Conclusion: Core 2 Quadro Soups Up Performance
Compared with the already not-too-shabby Intel Core 2 Duo/Extreme, the Core 2 Quadro can give performance a mighty tweak - but only for specific applications. In the best-case scenario, performance can even be doubled. However, this depends on the particular program. Software makers have yet to initiate the needed optimizations for multiple physical CPU units. The table below lists a hodgepodge of applications that benefit from four cores right away.
The future belongs to HD content. If we take our benchmarks into consideration you can no longer get by without a quad-core processor. Test results with the software packages Main Concept with H.264 encoding and the WMV-HD conversion make this very clear. We noticed performance jumps of up to 80% when compared to the Core 2 Duo at the same clock speed (2.66 GHz). A Core 2 Quadro at 2.66 GHz and higher is the answer for HD video (editing and rendering) at full HD resolution (1920x1080).
Ambitious video geeks will want to have four cores or even more. But that's still a way off, even as the developers of both AMD and Intel are working on it.
Gaming fans, however, can confidently stick with the Core 2 Duo/Extreme or the legendary Pentium D 805. That's due to a lack of adaptations for four CPUs - in practice, only a maximum of two processors are used in games.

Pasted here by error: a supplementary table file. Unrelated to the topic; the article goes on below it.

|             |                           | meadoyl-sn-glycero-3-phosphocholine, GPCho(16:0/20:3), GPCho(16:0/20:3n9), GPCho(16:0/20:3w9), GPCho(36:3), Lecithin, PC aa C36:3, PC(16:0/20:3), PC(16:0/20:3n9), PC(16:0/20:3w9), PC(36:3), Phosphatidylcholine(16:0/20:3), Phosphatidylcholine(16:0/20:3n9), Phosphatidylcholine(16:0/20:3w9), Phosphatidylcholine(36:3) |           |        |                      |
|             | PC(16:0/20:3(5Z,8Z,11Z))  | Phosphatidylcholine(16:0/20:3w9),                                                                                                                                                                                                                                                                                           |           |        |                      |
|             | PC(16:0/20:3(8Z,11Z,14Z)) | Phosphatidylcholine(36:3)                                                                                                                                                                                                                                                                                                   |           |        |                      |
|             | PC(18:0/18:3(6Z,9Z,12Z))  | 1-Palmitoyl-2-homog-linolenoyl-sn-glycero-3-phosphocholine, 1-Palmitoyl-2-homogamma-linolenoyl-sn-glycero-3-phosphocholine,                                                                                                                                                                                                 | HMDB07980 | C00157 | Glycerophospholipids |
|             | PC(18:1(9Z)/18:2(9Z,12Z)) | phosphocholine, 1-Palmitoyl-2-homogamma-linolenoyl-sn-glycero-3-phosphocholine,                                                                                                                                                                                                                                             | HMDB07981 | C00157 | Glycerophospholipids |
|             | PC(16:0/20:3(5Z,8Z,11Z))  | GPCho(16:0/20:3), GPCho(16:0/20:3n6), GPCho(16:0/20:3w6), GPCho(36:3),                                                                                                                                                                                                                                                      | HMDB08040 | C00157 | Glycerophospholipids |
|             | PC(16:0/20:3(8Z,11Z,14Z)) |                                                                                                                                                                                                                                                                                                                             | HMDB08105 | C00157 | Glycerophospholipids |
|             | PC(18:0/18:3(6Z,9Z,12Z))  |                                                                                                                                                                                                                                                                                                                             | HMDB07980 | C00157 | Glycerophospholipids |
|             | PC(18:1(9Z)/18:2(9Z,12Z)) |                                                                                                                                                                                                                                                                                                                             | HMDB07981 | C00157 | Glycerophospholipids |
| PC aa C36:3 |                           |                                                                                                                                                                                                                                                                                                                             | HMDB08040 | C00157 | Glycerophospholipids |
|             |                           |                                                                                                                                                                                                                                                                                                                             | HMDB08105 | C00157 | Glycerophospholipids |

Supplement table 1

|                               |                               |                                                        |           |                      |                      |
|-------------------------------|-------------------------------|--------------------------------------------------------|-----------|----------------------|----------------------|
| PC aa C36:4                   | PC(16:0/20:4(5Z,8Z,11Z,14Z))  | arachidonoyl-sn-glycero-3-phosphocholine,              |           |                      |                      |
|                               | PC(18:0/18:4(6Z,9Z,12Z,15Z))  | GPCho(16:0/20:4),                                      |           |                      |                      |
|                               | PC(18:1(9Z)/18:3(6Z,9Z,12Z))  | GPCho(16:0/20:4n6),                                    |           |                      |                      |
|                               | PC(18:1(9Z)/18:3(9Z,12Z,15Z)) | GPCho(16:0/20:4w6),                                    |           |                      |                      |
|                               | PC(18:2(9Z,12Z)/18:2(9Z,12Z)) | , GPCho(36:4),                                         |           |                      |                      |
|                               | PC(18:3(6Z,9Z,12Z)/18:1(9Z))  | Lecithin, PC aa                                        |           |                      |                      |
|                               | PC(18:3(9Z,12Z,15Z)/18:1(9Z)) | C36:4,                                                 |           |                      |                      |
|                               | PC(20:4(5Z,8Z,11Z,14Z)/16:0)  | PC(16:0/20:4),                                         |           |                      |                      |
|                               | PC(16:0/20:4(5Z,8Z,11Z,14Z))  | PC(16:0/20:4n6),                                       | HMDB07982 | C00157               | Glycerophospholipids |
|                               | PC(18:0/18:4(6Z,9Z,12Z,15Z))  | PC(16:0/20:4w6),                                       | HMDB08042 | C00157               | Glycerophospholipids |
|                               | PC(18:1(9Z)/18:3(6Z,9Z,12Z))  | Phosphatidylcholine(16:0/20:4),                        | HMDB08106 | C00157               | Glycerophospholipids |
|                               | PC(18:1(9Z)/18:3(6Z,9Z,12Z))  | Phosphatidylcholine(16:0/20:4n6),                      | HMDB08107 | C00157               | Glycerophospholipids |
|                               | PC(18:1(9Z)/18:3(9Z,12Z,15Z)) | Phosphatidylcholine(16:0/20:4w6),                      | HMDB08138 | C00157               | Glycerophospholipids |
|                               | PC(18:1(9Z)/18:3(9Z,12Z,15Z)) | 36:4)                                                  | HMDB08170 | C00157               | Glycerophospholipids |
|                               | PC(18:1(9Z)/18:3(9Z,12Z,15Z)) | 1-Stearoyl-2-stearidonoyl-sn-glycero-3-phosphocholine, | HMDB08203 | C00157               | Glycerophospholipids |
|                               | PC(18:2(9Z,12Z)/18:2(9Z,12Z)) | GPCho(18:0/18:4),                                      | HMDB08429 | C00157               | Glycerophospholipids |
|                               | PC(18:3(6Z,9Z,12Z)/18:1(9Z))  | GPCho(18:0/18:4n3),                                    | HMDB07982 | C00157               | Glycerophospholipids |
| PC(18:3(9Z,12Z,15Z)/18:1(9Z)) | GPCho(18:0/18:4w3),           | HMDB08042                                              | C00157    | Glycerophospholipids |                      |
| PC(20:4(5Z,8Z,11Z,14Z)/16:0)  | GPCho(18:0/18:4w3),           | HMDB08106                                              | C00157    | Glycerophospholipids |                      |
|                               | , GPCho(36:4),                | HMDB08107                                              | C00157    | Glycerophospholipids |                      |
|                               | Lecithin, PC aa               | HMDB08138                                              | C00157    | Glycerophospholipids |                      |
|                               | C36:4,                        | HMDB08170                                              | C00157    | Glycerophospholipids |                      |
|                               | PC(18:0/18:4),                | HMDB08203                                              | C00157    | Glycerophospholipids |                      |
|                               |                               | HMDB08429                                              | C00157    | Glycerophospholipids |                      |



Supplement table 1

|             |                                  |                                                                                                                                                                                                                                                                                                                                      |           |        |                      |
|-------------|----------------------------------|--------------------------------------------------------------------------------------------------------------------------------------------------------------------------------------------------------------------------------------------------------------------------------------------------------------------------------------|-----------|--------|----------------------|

Overclocking fetishists can rest assured. Our test samples ran reliably at 3.33 GHz with no voltage increase - including a sound boost in performance.
With a maximum system power draw of 260 W, the power consumption of the Core 2 Quadro system levels out in the same league as a Pentium EE 965. In idle mode, the system required 167 W - this is the same amount of power that a Core 2 Extreme demands at full load. The reason for this likely lies with incomplete implementation of Intel's SpeedStep technology at this stage. In terms of computing performance, the Core 2 Quadro is worlds apart compared to the classic Pentium 4/D processors: It performs more than twice as fast than the Pentium EE 965, but requires less power input. A Core 2 Quadro does get hotter than a Core 2 Duo/Extreme, though.
Intel intends to offer the top-of-the-line version of the Core 2 Quadro for about $1,000. The customer will bring home a quad-core 2.66 GHz processor with 8 MB of L2 cache.
|Topics||Programs||PerformanceCore 2 Quadro vs. Core 2 Duo|
|3D rendering||3D Studio Max 8.0||100%|
|video editing||Adobe Premiere Pro 2.0||80%|
|HD video encoding||Main Concept H.264||70%|
|video encoding||Windows Media Encoder 9||63%|
|video encoding||DivX 6.2||27%|
|image editing||Adobe Photoshop CS2||24%|
|file compression||WinRAR 3.6||10%|
For me, working with one of the first quad core systems was amazing. No matter how many applications you run at the same time, the system reacts to user commands quickly. Some applications require half the time to finish tasks. To me, it's like being catapulted a year into the future and is unlike the past few years when computing power increased only marginally. Intel pumped out 30% more performance with Core 2 Duo and will double that again with Core 2 Quadro soon.